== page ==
Nuclear Fusion Energy Breakthrough: Video and How to Watch

Scientists studying fusion energy at the Lawrence Livermore National Laboratory in California announced on Tuesday that they have taken a major step in reproducing the power of the sun in the laboratory.

For decades, scientists have said that fusion, the nuclear reaction that makes stars shine, could provide an abundant future source of energy.

The result announced Tuesday is the first fusion reaction in a laboratory environment that actually produced more energy than was needed to start the reaction.

“The fact that we were able to extract more energy than we put in provides proof of existence that this is possible,” said Mark Herrmann, director of the physics and weapons design program at Livermore’s lab. . “It can be built and upgraded and upgraded and could potentially be a power source in the future.”

From an environmental point of view, fusion has always had a strong appeal. In the sun and stars, fusion continually combines hydrogen atoms into helium, producing the sunlight and heat that bathes the planets.

In experimental reactors and laser labs on Earth, fusion lives up to its reputation as a very clean source of energy, free of the pollution and greenhouse gases produced by burning fossil fuels and hazardous waste. long-lived radioactive substances created by today’s nuclear power plants. , which use the breakdown of uranium to produce energy.

There was still a nagging caveat, however. In all the efforts scientists have made to control the uncontrollable power of fusion, their experiments have consumed more energy than the fusion reactions generated.

That changed on the morning of Dec. 5, just over a week ago, when 192 giant lasers from the lab’s National Ignition Facility blasted away a small cylinder the size of a pencil eraser containing a frozen core of hydrogen locked in diamond.

The laser beams penetrated the top and bottom of the cylinder, vaporizing it. This generated an interior X-ray assault that compresses a BB-sized fuel pellet of deuterium and tritium, the heaviest forms of hydrogen.

In a brief instant lasting less than 100 trillionths of a second, 2.05 megajoules of energy – roughly the equivalent of a pound of TNT – bombarded the pellet with hydrogen. A stream of neutron particles – the product of fusion – that carried the energy equivalent of about 1.5 pounds of TNT, or an energy gain of about 1.5.

This crossed the threshold that laser fusion scientists call ignition, the dividing line where the energy generated by the fusion is equal to the energy of the incoming lasers that initiate the reaction.

The successful experiment finally achieves the ignition target promised when construction of the National Ignition Facility began in 1997. When operations began in 2009, however, the facility generated virtually no merger, an embarrassing disappointment after a $3.5 billion investment from the federal government. government.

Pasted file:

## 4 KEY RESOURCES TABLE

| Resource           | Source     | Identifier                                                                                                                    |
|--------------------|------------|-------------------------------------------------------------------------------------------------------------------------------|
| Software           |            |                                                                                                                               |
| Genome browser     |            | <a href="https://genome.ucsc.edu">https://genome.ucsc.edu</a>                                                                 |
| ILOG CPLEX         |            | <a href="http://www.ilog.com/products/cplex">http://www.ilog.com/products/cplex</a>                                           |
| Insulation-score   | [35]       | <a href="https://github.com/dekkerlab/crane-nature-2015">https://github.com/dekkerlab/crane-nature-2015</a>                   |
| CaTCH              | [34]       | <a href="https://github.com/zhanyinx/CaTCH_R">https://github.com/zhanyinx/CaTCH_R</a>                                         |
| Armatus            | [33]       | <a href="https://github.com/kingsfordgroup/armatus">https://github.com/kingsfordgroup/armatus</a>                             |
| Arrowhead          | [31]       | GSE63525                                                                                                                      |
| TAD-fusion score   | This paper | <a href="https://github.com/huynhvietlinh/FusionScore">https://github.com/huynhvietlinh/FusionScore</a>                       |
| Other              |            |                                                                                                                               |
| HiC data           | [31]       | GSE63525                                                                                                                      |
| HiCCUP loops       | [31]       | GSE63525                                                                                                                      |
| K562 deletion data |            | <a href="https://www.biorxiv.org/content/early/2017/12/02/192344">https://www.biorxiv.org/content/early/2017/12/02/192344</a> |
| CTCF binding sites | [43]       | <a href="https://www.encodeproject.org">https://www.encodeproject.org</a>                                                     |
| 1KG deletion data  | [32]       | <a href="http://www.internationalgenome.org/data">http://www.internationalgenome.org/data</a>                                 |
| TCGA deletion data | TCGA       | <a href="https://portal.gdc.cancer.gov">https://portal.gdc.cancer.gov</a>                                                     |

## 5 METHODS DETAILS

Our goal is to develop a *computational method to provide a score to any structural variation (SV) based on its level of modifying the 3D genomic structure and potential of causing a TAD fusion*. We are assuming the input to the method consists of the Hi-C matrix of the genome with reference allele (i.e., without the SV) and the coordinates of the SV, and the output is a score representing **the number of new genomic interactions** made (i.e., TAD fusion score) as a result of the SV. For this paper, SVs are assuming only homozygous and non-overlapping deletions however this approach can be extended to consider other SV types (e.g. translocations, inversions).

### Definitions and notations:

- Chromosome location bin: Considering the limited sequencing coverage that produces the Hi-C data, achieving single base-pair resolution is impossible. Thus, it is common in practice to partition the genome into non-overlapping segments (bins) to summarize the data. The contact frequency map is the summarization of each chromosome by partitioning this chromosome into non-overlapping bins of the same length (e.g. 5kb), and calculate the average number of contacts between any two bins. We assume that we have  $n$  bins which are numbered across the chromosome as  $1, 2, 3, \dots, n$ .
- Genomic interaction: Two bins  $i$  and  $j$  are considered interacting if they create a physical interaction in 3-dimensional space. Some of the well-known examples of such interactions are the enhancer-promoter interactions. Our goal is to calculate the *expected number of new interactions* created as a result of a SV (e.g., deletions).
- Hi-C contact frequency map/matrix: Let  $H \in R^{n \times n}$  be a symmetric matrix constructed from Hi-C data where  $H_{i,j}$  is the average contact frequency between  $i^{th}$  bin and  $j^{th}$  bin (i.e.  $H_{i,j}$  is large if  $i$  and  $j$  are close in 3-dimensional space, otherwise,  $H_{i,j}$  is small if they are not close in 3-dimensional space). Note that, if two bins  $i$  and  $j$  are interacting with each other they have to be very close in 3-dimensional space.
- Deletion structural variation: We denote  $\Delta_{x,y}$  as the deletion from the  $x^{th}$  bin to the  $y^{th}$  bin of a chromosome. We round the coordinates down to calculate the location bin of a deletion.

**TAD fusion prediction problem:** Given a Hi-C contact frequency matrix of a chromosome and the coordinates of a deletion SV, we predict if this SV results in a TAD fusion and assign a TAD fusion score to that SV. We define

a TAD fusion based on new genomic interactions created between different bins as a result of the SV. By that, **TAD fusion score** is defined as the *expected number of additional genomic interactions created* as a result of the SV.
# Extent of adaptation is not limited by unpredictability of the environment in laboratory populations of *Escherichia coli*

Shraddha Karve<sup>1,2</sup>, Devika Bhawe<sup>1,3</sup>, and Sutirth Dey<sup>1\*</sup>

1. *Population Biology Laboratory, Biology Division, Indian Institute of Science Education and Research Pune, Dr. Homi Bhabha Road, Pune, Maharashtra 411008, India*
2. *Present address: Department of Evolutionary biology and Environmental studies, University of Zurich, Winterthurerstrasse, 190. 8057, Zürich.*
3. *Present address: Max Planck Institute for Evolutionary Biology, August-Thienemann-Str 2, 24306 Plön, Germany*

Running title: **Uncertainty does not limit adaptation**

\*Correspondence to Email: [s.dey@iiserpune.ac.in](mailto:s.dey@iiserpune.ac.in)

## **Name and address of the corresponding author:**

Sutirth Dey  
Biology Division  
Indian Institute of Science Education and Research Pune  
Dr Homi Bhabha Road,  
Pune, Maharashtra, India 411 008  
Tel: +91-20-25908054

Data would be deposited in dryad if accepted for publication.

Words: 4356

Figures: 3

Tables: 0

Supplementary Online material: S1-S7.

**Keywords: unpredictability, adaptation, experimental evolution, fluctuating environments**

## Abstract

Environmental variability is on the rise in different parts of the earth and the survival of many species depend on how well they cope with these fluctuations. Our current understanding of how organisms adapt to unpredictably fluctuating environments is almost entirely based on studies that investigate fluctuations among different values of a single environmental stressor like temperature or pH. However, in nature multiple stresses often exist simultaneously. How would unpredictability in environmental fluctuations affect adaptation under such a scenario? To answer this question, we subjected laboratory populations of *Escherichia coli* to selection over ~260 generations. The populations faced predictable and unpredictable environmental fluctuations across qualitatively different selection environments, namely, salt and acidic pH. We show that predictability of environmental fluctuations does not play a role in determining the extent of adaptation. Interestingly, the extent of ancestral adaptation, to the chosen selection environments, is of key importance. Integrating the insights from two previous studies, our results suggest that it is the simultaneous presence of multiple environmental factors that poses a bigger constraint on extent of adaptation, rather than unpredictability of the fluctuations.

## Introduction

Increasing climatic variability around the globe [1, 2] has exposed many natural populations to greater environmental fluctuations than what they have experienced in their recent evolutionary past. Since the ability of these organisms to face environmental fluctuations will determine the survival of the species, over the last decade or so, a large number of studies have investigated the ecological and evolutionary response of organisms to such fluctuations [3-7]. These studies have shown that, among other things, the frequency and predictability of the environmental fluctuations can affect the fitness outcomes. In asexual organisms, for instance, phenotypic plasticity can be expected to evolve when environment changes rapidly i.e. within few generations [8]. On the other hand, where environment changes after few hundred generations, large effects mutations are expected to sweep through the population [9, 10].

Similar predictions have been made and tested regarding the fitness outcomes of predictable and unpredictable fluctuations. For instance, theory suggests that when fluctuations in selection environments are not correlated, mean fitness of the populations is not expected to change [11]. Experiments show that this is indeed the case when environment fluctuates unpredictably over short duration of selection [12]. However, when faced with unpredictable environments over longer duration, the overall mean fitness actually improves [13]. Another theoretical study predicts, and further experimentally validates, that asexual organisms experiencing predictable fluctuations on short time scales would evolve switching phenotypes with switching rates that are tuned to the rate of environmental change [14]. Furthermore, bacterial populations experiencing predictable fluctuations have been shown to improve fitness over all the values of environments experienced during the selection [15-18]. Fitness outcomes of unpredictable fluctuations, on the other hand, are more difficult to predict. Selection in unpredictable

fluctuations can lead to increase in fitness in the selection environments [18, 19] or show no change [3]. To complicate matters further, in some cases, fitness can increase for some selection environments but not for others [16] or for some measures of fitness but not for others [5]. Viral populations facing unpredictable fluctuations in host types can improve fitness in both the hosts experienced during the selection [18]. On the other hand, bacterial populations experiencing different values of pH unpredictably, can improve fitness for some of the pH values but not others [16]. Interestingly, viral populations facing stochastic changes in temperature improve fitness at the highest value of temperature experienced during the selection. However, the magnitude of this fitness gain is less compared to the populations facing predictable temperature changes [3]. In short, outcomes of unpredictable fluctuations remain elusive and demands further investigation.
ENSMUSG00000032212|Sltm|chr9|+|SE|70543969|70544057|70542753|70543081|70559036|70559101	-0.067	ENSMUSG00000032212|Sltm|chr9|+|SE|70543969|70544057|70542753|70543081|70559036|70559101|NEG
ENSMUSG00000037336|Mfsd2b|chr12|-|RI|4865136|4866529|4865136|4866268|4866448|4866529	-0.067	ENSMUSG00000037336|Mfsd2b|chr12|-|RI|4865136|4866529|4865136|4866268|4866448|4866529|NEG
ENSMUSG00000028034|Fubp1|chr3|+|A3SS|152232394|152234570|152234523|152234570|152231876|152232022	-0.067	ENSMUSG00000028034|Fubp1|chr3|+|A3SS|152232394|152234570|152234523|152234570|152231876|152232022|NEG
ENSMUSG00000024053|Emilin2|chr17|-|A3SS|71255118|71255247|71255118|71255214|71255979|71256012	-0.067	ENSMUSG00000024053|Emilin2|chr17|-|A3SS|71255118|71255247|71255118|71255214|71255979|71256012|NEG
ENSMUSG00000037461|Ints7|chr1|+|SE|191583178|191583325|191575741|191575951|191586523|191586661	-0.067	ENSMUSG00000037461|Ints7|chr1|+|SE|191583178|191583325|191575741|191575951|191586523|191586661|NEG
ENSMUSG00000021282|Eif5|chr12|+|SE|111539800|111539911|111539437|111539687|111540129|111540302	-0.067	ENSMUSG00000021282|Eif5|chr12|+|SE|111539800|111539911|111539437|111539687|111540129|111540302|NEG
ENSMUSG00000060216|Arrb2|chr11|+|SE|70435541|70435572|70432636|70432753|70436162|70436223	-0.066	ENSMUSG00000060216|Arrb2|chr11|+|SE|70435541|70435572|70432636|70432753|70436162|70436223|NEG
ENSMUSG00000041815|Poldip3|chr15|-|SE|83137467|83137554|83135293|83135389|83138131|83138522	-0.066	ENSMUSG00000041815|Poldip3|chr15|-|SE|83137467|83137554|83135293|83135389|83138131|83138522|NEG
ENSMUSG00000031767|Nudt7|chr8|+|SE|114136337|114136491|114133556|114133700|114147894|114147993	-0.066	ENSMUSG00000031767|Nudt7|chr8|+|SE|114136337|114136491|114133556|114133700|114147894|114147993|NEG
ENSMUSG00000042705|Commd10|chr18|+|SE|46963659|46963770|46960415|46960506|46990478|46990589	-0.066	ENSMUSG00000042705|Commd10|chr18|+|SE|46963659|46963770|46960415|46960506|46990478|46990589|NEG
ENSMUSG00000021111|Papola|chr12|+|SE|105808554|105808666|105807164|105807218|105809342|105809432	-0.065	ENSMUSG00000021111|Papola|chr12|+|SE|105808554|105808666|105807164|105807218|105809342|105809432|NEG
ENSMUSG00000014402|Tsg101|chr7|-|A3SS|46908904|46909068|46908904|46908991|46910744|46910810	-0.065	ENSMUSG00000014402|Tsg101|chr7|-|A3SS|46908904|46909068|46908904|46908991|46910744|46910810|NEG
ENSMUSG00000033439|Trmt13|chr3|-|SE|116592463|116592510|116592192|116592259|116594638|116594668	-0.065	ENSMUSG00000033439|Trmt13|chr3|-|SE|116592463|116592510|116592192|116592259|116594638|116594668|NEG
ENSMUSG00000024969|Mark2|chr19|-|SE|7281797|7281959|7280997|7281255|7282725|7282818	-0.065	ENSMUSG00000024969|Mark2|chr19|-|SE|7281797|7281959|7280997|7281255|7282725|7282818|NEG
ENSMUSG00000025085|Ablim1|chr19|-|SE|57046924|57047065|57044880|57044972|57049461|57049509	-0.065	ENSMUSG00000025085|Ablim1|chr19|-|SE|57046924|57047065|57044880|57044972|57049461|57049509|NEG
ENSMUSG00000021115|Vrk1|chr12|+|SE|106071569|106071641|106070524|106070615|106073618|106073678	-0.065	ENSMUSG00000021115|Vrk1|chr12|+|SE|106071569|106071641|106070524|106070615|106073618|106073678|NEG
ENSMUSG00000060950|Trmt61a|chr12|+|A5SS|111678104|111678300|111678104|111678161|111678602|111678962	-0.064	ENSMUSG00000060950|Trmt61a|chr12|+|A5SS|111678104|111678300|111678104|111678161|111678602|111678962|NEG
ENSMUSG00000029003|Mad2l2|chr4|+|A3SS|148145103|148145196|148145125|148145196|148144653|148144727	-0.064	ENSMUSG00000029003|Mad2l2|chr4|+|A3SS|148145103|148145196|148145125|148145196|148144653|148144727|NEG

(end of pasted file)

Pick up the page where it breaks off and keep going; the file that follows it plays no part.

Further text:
In 2014, Livermore scientists eventually reported some success, but the energy produced was miniscule – the equivalent of what a 60-watt light bulb consumes in five minutes. Progress over the following years was light and modest.

Then, in August of last year, the facility produced a much larger burst of energy – 70% more than the energy of laser light.

Dr Herrmann said the researchers then carried out a series of experiments to better understand August’s surprising success, and they worked to increase the energy of the lasers by almost 10% and improve the design of the targets. hydrogen.

The first 2.05 megajoule laser shot was made in September, and this first test produced 1.2 megajoules of fusion energy. Additionally, the analysis showed that the spherical hydrogen pellet was not pressed evenly and some of the hydrogen was essentially squirting out the side and not reaching melting temperatures.

The scientists made a few tweaks that they think would work better.

“The prediction before the shot was that it could be doubled,” Dr. Herrmann said. “In fact, it grew a little more than that.”

The main purpose of the National Ignition Facility is to conduct experiments to help the United States maintain its nuclear weapons. By performing these nuclear reactions in a lab on a less destructive scale, the scientists aim to replace the data they used to gather from the detonations of underground nuclear bombs, which the United States shut down in 1992.

The facility’s larger fusion output will produce more data “that will allow us to maintain confidence in our nuclear deterrent without the need for further underground testing,” Dr Herrmann said. “It just extends our capabilities there, allows us to work with less extrapolation and with more confidence.”

Riccardo Betti, chief scientist at the University of Rochester’s Laser Energy Laboratory, who was not involved in this particular Livermore experiment, said: “That’s the point, to demonstrate that you can light a thermonuclear fuel in the laboratory for the first time. time.”

“And it was done,” he added. “So it’s a great result.”

The implications of the experiment for energy production are much more tentative.

“Getting from there to on-grid energy is a very long and difficult road,” Dr Betti said.

Fusion would essentially be an emissions-free energy source, and it would help reduce the need for coal and natural gas-burning power plants, which pump billions of tons of planet-warming carbon dioxide into the atmosphere each year. .

But fusion is unlikely to become widely available and practical for decades, if ever.

Most climate scientists and policymakers argue that to achieve this goal of limiting warming to 2 degrees Celsius, or the even more ambitious goal of 1.5 degrees Celsius warming, the world must achieve net zero emissions by 2050.

Henry Fountain contributed report.

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